Senser is a distributed censorship detection and circumvention system for the web. Senser operates as a network of proxies located at different vantage points on the Internet (some of which may be subject to censorship). Clients query a random subset of Senser proxies for compact descriptions of a desired web page, and apply consensus and matching algorithms to the returned results to locally render a “majority” web page. To ensure diverse selections of proxies (and consequently decrease an adversary’s ability to censor a majority of them), Senser leverages Internet mapping systems that accurately predict AS-level paths between available proxies and the desired web page. We demonstrate using a deployment of Senser on Amazon EC2 that Senser detects and mitigates censorship attempts — even by large collections of autonomous systems — while incurring reasonable performance overheads.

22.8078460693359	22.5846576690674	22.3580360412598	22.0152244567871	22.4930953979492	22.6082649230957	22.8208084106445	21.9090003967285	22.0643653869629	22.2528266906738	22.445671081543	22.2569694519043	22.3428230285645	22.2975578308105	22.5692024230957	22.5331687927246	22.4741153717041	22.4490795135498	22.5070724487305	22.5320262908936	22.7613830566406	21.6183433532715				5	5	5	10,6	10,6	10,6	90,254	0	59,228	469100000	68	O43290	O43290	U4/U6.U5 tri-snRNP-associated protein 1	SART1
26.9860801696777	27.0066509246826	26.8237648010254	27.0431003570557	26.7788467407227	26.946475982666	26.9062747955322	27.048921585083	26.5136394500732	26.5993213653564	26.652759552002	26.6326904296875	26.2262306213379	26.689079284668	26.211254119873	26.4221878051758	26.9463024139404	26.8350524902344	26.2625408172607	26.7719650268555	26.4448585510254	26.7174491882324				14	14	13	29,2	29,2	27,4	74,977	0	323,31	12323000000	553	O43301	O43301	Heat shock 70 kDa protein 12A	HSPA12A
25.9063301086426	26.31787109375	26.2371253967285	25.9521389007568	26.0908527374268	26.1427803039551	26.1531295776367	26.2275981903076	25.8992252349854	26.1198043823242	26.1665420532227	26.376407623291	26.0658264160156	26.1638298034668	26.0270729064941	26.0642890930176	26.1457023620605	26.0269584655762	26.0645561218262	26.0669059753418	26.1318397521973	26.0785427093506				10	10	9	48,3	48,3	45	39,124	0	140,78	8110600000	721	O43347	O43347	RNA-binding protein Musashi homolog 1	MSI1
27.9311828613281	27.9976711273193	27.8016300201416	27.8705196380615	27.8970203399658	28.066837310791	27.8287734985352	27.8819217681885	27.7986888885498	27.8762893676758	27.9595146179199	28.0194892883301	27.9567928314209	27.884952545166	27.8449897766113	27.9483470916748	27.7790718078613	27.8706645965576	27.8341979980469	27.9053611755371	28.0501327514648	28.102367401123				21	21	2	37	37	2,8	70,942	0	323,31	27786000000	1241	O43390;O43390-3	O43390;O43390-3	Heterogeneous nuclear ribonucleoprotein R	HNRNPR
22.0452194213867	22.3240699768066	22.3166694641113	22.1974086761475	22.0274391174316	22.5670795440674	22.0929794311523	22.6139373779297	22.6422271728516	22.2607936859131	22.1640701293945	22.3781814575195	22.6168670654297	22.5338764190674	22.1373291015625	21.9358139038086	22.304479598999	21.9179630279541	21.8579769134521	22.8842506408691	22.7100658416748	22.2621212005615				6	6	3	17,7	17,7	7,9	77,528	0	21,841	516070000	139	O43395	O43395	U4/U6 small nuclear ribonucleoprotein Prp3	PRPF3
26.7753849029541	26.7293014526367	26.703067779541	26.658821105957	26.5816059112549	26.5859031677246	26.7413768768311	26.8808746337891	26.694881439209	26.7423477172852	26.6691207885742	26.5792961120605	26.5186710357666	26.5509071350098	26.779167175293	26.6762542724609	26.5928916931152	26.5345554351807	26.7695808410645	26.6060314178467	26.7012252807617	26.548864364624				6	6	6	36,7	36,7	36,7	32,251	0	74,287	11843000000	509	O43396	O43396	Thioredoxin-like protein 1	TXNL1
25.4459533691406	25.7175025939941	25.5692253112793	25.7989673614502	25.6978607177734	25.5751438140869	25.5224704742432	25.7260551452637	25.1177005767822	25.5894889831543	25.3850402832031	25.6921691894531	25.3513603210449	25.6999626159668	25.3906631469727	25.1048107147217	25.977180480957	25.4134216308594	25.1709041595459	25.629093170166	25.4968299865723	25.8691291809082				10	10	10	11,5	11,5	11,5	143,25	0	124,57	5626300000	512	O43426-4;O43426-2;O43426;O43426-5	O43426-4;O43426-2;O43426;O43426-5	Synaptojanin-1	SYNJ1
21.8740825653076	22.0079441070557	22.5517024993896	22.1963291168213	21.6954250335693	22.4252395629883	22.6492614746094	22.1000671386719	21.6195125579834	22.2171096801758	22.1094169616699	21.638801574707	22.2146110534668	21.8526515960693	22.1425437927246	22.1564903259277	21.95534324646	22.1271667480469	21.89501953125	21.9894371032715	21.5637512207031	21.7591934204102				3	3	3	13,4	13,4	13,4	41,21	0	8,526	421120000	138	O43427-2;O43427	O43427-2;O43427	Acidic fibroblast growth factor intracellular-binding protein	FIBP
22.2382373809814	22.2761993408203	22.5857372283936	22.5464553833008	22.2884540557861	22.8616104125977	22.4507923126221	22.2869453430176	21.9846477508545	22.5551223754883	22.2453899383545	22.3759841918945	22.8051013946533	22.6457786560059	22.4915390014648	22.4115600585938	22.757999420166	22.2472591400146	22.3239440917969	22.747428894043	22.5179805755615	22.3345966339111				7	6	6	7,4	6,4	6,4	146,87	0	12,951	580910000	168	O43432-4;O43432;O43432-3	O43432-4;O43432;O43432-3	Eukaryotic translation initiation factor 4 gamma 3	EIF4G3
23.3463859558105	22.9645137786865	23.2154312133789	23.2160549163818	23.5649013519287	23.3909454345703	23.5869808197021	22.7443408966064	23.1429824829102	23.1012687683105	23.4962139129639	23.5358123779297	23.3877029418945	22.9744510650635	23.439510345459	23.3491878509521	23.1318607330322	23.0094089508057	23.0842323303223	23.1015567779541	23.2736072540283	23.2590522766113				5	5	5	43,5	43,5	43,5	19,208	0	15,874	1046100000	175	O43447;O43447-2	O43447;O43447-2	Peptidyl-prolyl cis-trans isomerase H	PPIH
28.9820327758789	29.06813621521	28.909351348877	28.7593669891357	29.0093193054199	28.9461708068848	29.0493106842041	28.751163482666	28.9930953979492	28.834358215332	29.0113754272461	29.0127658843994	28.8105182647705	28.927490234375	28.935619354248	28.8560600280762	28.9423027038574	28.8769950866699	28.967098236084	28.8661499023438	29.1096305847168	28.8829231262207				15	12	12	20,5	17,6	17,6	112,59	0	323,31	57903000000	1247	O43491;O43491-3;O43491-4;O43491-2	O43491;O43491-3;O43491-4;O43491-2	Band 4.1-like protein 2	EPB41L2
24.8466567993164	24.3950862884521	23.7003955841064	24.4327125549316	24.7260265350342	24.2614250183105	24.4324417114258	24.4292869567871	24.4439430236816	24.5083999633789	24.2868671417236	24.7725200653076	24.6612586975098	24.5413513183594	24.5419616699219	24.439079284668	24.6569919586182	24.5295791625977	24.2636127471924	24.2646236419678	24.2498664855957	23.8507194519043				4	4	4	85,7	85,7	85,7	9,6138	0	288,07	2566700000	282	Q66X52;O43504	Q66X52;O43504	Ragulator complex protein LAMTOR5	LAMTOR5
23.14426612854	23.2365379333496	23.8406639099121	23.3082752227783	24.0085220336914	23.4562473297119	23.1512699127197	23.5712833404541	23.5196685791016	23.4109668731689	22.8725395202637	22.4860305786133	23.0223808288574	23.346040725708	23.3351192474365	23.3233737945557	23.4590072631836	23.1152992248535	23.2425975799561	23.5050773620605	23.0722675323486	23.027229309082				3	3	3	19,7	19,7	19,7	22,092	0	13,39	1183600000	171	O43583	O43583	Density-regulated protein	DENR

Jordan Wilberding, Andrew Yates, Micah Sherr, and Wenchao Zhou. Validating Web Content with Senser. In Annual Computer Security Applications Conference (ACSAC), December 2013. [.pdf]
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